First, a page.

“The idea was originally to continue the FWD>> vs Rinse vibe, but with a focus on grime”, Elijah says, casting his mind back to August 2011 and the first Cable party. “The spine of it was producers playing their music, but we also wanted to be present, we wanted to interact with people. Like, we’d be in the crowd when we weren’t playing, there was no separation. Cable was good for that because when you finished your set, there was nowhere else to really go. Lots of people met for the first time at those nights as well, especially people who were familiar online but maybe not in person. You’d have people coming down from different cities, people flying in, people bumping into each other like ‘oh, you’re that person, sick sick’ … they were all really positive things that came out of it.”
“Lots of people met for the first time at those nights as well, especially people who were familiar online but maybe not in person. You’d have people coming down from different cities, people flying in, people bumping into each other like ‘oh, you’re that person, sick sick’.”
“What made the nights more memorable was that we then put out the sets online as well”, Elijah continues. “We’d record the sets live, I’d get home from the rave at like seven in the morning, upload the audio, put it on the internet and go to sleep. Nobody else was doing that at the time. I remember there was one night where we couldn’t get the audio out until the following evening and I had all these people tweeting me in the morning like ‘where’s the sets?’”. Unfortunately, Cable — set under the arches of Vauxhall station — was abruptly (and controversially) forced out of business in May 2013 after Network Rail sanctioned a repossession order to fit an emergency staircase to the station above. It was a hammer blow to London’s nightlife sector at the time, but Butterz nights will forever be enshrined in the memories of those lucky enough to go.
Returning to the Butterz discography, Elijah is keen to talk about one year in particular. “Going back to the label, 2015 was a marquee year for us I think”, he says, pausing briefly, “…especially in terms of really establishing who and what we were. We had the Swindle album (‘Peace, Love & Music’), the Footsie EP (‘Scars’), Rapid’s EP (‘The Rapid EP’), Royal-T’s ‘Shotta’ EP with the Wen and Kahn & Neek remixes … we actually did a little launch party bundle that meant if you bought a ticket, you got a copy of the record … and we obviously started tqd and put out their debut release (‘Day & Night’) for Record Store Day. Going back to Rapid’s EP, we actually launched that at fabric with a Ruff Sqwad reunion which was sick, and then there was ‘Grime 2015’, which was the compilation mixed by me and Skilliam. It was kinda an amalgamation of everything that happened between 2014 and 2015 … ‘That’s Not Me’, ‘Take Time’ and all those tunes … and it did really well for us. It got into the hands of a lot of people that didn’t know anything about Butterz and just wanted a grime CD, which is kinda cool. There’ll probably be like 10,000 people with a Butterz product sitting at home now, whether they realise it or not.”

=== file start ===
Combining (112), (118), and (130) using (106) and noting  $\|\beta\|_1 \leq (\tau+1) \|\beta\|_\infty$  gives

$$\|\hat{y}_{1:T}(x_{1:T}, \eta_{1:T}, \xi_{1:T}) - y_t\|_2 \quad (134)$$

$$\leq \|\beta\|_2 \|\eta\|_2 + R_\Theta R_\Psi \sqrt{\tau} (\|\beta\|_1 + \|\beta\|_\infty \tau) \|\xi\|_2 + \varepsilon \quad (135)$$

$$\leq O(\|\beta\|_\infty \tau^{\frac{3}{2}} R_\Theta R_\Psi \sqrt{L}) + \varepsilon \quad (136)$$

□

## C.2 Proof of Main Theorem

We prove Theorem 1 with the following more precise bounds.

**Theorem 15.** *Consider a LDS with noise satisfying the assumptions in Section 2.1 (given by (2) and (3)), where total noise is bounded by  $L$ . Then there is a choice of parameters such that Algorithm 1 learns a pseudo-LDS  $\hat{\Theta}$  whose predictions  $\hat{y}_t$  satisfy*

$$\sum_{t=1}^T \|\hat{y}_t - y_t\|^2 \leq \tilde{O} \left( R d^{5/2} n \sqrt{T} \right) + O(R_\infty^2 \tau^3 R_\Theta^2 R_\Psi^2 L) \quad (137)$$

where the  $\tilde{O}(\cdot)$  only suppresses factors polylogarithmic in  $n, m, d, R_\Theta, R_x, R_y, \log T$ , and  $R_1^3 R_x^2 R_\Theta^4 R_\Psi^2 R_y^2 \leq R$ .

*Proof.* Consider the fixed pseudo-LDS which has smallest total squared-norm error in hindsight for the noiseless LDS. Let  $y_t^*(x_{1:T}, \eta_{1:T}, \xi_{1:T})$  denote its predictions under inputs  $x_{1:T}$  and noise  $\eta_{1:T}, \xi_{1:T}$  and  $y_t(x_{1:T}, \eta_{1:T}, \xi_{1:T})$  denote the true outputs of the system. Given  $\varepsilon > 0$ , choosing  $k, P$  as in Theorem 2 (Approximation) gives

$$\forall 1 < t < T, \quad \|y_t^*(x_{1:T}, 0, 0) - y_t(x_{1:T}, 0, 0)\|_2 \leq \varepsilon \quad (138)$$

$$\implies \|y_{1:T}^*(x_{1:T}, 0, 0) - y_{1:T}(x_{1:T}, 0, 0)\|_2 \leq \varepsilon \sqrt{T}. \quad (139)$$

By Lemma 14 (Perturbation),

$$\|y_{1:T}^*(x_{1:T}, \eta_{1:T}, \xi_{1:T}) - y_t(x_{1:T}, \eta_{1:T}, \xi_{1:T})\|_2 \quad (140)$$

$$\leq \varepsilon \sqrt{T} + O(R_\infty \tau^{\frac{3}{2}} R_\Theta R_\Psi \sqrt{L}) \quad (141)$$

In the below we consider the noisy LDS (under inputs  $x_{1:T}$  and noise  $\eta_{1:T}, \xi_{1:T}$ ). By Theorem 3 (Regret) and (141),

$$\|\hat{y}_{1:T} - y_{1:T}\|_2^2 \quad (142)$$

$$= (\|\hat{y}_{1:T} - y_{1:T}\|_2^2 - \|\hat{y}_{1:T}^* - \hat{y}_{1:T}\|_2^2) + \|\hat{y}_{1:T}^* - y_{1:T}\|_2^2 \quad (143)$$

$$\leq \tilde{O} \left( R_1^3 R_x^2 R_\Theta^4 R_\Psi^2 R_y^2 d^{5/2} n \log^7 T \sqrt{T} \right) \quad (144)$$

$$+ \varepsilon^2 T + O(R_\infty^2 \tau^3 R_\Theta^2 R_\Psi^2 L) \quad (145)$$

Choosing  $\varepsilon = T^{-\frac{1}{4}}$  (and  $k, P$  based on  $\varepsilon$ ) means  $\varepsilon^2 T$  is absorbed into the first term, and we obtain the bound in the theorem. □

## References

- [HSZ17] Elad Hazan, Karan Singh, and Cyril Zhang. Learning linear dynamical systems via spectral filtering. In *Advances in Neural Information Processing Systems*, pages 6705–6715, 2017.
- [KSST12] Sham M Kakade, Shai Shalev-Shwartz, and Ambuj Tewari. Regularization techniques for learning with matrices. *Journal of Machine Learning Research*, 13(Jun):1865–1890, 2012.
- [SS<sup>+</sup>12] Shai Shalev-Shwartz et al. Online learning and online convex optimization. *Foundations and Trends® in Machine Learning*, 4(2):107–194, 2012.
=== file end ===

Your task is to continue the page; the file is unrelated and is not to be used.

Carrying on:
While certainly a banner year for the label, the launch of tqd also proved a masterstroke for Elijah & Skilliam as ever-evolving execs behind-the-scenes. A new-gen UKG super-group comprised of Royal-T, DJ Q and Flava D born inadvertently at Red Bull Studios, where the trio were in-and-out of studio sessions, tqd’s explosive success shone a light onto the pair’s ability to not only re-contextualize their skills as label heads, but capitalize on social trends for the first time too. “The catalysts were videos being introduced on Twitter and the virality of videos on Facebook”, Elijah affirms. “Sharing clips from the tqd DJ shows, especially shows to big crowds … like we were part of that first wave. People would see these clips of a reload in front of 5000 people and think ‘yo, that’s sick’ … and from the sheer virality of stuff like that, we were able to take that tqd show to any city in the country. And that’s what we did for most of 2016.”
“We were essentially managing that project as a whole”, Elijah continues, “and I really wanted to make sure we got something solid out of it. I didn’t want it to be a case of just putting out some tunes and that being that.” The result? tqd went onto play over 65 shows between 2015-2019, including slots at Glastonbury, SW4, Creamfields, Parklife, Sonar and We Are FSTVL, a nationwide club tour and multiple dates across the US, Europe and Ibiza, with their debut album, ‘ukg’, released to widespread critical acclaim in 2017. Even Pitchfork, notoriously hit-and-miss with their coverage of smaller, niche strains of UK music, were unanimous in their praise of the record, spotlighting album single ‘Vibsing Ting’ in particular as “British dance music of the perfect vintage”.